Proprietary Technology Derived From An Oncolytic Virus

Targeted Immuno-oncology Therapeutic, Program I

We have developed a novel Immuno-Oncology platform technology that selectively activates the cancer immune system (natural killer (NK) cells, dendritic cells (DC), CD8 T cells, memory T cells) to target, infiltrate and destroy specific tumor types, without activating unrelated immune elements, which can cause immunotoxic side effects.

 

Our technology can be engineered to safely attack numerous different tumor types. Our first two indications are ovarian cancer and small cell lung cancer.

Background

Our biologic therapeutic is a bi-specific multimeric viral glycoprotein and tumor associated antigen complex (VGP/TAA). The VGP is derived from the alphavirus, which has demonstrated promising tumor killing (oncolytic) potential. 

The alphavirus has been shown to be efficacious in retarding xenograft tumor growth and prolonging survival, although it is not curative.

An engineered alpha viral vector (AV) expressing a tumor specific antigen (TAA) was shown, in a syngeneic mouse tumor model, to mediate regression of tumor growth and to inhibit metastasis through CD8+ T cell infiltration.

Tumor-specific CD8+ memory T cells were also observed in surviving mice more than 60 days after treatment.

Additionally, mice were immune to recurrence when the tumor was reintroduced into the animal even after clearance of the viral vector.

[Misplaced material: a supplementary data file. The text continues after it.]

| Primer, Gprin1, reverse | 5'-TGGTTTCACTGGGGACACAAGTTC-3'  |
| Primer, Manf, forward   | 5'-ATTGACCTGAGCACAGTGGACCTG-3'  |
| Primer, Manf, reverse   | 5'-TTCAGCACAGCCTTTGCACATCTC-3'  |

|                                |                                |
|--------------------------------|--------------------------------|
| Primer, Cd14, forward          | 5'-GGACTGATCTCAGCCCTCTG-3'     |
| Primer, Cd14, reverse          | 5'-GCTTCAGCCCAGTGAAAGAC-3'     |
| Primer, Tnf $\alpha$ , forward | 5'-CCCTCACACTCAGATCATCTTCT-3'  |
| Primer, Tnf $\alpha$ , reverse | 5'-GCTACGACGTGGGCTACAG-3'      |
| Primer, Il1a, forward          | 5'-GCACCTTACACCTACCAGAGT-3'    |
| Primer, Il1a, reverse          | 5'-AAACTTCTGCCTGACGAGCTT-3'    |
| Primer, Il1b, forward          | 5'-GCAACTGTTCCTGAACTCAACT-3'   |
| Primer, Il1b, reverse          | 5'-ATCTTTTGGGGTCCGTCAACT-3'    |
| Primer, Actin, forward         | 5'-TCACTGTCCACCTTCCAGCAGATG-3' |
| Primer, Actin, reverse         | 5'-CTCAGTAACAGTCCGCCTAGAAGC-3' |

This immunity extended to tumors reintroduced that no longer expressed the tumor specific antigen, indicating that the immune system had become targeted to additional tumor antigens, which could prevent resistance. 

Mechanism of Action

1. VGP targets TAA to DC via the receptor DC-SIGN, resulting in activation of TAA-specific CD8 T cells that can recognize and kill tumor cells and can form lasting memory against tumor recurrence.

2. VGP binding signals to DC to activate NK cells to attack tumor cells.

3. VGP binds to tumor cells directly through the overexpressed laminin receptor, resulting in tumor cell damage and increased antigenicity.

4. Dying tumor cells release additional antigens which are taken up by DC to activate other tumor-specific CD8 T cells for a broader immune response.

Tumor Therapeutic Study

(in progress)

Preliminary Results

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